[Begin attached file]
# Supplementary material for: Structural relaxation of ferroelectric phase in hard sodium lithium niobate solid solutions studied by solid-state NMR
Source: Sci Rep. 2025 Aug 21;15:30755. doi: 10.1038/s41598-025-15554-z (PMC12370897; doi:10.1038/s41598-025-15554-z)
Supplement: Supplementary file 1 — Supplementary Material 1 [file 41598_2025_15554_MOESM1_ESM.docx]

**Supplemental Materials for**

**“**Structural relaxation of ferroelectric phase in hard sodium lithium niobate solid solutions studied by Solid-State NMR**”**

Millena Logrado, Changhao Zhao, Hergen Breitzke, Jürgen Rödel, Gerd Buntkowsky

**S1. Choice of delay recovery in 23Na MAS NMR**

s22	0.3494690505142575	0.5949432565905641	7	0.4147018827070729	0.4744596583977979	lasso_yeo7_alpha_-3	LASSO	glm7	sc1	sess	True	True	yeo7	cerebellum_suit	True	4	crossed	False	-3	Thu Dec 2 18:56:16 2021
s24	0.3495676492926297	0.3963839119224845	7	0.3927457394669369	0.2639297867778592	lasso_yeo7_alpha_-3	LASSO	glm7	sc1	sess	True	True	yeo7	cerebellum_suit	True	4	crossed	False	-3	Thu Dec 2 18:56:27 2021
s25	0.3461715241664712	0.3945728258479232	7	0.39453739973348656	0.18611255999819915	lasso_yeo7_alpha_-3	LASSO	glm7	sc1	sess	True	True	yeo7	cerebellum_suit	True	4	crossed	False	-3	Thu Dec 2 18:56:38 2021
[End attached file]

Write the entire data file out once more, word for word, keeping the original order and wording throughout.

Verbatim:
# Supplementary material for: Structural relaxation of ferroelectric phase in hard sodium lithium niobate solid solutions studied by solid-state NMR
Source: Sci Rep. 2025 Aug 21;15:30755. doi: 10.1038/s41598-025-15554-z (PMC12370897; doi:10.1038/s41598-025-15554-z)
Supplement: Supplementary file 1 — Supplementary Material 1 [file 41598_2025_15554_MOESM1_ESM.docx]

**Supplemental Materials for**

**“**Structural relaxation of ferroelectric phase in hard sodium lithium niobate solid solutions studied by Solid-State NMR**”**

Millena Logrado, Changhao Zhao, Hergen Breitzke, Jürgen Rödel, Gerd Buntkowsky

**S1. Choice of delay recovery in 23Na MAS NMR**

s22	0.3494690505142575	0.5949432565905641	7	0.4147018827070729	0.4744596583977979	lasso_yeo7_alpha_-3	LASSO	glm7	sc1	sess	True	True	yeo7	cerebellum_suit	True	4	crossed	False	-3	Thu Dec 2 18:56:16 2021
s24	0.3495676492926297	0.3963839119224845	7	0.3927457394669369	0.2639297867778592	lasso_yeo7_alpha_-3	LASSO	glm7	sc1	sess	True	True	yeo7	cerebellum_suit	True	4	crossed	False	-3	Thu Dec 2 18:56:27 2021
s25	0.3461715241664712	0.3945728258479232	7	0.39453739973348656	0.18611255999819915	lasso_yeo7_alpha_-3	LASSO	glm7	sc1	sess	True	True	yeo7	cerebellum_suit	True	4	crossed	False	-3	Thu Dec 2 18:56:38 2021